The third paper asked, "Did the Evangelist Compose Matthew 13:36–43 and 13:49–50?" presented by Delbert Burkett (Louisiana State University). If you've read his Rethinking the Gospel Sources: From Proto-Mark to Mark (T&T Clark, 2004; helpfully reviewed here by Michael Pahl), then you know that Burkett takes an unusual (idiosyncratic?), decisively literary approach to the synoptic problem. Again, I am publishing on this very area and have serious problems with a paradoxically simplistic over-complication of the literary relationships of written texts. In my view (which features prominently here, if nowhere else), the texts are better conceptualized as embodiments of the Jesus tradition, but for all their material existence and potential (and even actual) influence over other embodiments of the Jesus tradition—written or oral—they remained in the first century embodiments and not text-fixations of the tradition. To identify one argument that I think needs some question, Burkett queried J. Jeremias's list of evidences for Matthean composition in the texts named in his title, and for a number of them noted the ambiguity of the evidence (i.e., that what Jeremias takes as evidence of Matthean composition may reflect Q, or may come from Mark, or may be characteristic of the tradition more broadly). But then when he moves to formulate his own position—that Matthew was a compiler rather than a composer—the ambiguity disappears and he has shown that supposed clues of Matthean composition are rather more meagre than Jeremias thought. I'm not sure the two options presented—compiler or composer—adequately captures the breadth of options available for us to think about the relationship between the evangelist and the gospel. But again, see my forthcoming Structuring Early Christian Memory.

The fourth paper, "Mark 7:15: A Scatological Approach," presented by Matthew Thiessen (Duke University), considered afresh the precise nature of the debate (and the conclusions) between Jesus and the Pharisees in Mark 7. Thiessen calls to our attention the failure of contemporary critical discussion of this passage to consider the physiologically obvious referent of τὰ ἐκ τοῦ ἀνθρώπου ἐκπορευόμενα ["things that come out of a person" (I'm tempted to type ἀνθρώπου)] is, well . . . scat. Thiessen doesn't adopt this reading himself, namely that Jesus considers defecating as a process resulting in impurity, but the question does bring some interesting evidence from (or, better, about) Qumran into view. Thiessen never referenced the lengthy discussion of Mark 7 in James Crossley's The Date of Mark's Gospel (T&T Clark, 2004), but in the post-presentation discussion he said he was familiar with (and persuaded by) James's reading (specifically of Mark 7.19b). I'm still not convinced that Mark has only kosher foods in view at 7.19b, but I agree with Thiessen (and Crossley) that Mark 7, along with other NT passages, portray Jesus as thoroughly engrossed in and affected by purity issues. That is, Jesus belongs to a socio-cultural world were purity—its loss, its renewal, its special role in relating to the Deity, etc.—just is a fact of life, like being licensed to drive a car in twenty-first-century America. Jesus isn't scandalized by purity because he never lived in a world where purity wasn't already always in the air. Now I've gone significantly beyond Thiessen's paper, but his arguments were variously suggestive for me, and I enjoyed his paper (despite its crappy title).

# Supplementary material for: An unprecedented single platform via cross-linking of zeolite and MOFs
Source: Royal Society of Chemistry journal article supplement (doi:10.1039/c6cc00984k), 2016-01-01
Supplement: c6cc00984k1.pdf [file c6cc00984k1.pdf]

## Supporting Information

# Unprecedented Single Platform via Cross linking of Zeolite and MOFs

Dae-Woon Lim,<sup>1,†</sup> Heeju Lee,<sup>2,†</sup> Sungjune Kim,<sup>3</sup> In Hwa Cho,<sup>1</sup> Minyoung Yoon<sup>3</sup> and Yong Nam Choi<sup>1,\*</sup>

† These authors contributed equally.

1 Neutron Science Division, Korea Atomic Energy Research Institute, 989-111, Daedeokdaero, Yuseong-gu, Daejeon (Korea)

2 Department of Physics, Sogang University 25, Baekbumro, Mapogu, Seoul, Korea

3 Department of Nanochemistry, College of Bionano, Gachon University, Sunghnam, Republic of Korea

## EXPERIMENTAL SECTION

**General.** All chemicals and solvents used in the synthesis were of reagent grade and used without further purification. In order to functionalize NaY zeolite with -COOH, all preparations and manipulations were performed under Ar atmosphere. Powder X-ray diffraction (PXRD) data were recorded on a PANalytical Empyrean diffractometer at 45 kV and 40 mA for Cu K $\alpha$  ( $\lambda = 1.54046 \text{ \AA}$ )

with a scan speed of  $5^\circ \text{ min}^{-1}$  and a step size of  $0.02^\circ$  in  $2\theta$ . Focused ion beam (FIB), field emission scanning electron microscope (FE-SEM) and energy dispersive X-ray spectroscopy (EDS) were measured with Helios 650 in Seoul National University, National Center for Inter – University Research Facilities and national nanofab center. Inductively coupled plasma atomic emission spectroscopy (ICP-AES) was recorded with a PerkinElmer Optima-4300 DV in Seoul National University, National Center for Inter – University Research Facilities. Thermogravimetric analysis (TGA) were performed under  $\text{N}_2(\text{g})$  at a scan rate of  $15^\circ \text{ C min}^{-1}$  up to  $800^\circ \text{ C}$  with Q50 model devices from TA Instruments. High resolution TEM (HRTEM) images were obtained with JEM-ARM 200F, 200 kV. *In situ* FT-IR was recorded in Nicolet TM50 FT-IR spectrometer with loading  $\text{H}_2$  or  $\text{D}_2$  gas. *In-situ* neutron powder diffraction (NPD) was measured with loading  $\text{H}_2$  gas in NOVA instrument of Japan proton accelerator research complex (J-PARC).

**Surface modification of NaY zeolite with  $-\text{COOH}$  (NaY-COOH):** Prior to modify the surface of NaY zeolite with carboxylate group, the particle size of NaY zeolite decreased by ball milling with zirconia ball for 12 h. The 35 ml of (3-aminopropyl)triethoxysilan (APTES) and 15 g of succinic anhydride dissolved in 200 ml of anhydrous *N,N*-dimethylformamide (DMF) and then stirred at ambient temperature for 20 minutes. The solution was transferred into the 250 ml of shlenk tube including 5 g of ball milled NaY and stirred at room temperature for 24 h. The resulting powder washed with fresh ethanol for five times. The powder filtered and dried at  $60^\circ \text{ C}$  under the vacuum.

So as I say, I've avoided the New Testament III meeting. The New Testament IV meeting (tomorrow at 8.30 am) looks interesting. I'll comment on it tomorrow.


Stephen C. Carlson said...

I don't think, then, that we should read 1.17 in light of 1.2–16 but the other way round: 1.17 tells us how to read 1.2–16. I'm not entirely sure if Carlson would agree with me here, but that's okay.

I would agree with that. In fact, I thought that was one of my points.

Rafael said...


Wonderful. I wasn't sure, given the time you spent (I think; the last three months have faded my SECSOR memory) on how the fourteens were read in the secondary literature, if you would agree. You must have gotten your point across then, given that even I got it (though without realizing that I got it!).